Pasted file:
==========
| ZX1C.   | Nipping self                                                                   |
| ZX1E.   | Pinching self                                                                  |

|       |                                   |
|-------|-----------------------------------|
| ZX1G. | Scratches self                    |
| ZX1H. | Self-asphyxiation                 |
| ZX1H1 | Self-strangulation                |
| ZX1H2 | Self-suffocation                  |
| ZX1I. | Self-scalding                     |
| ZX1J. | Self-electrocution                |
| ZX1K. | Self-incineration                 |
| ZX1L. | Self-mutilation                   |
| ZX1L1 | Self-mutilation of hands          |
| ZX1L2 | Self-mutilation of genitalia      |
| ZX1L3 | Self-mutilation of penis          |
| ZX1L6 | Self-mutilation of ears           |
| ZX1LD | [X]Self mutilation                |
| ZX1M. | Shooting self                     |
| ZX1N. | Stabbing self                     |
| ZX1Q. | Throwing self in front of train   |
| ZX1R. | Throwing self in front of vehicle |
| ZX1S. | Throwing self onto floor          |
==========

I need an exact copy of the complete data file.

| ZX1C.   | Nipping self                                                                   |
| ZX1E.   | Pinching self                                                                  |

|       |                                   |
|-------|-----------------------------------|
| ZX1G. | Scratches self                    |
| ZX1H. | Self-asphyxiation                 |
| ZX1H1 | Self-strangulation                |
| ZX1H2 | Self-suffocation                  |
| ZX1I. | Self-scalding                     |
| ZX1J. | Self-electrocution                |
| ZX1K. | Self-incineration                 |
| ZX1L. | Self-mutilation                   |
| ZX1L1 | Self-mutilation of hands          |
| ZX1L2 | Self-mutilation of genitalia      |
| ZX1L3 | Self-mutilation of penis          |
| ZX1L6 | Self-mutilation of ears           |
| ZX1LD | [X]Self mutilation                |
| ZX1M. | Shooting self                     |
| ZX1N. | Stabbing self                     |
| ZX1Q. | Throwing self in front of train   |
| ZX1R. | Throwing self in front of vehicle |
| ZX1S. | Throwing self onto floor          |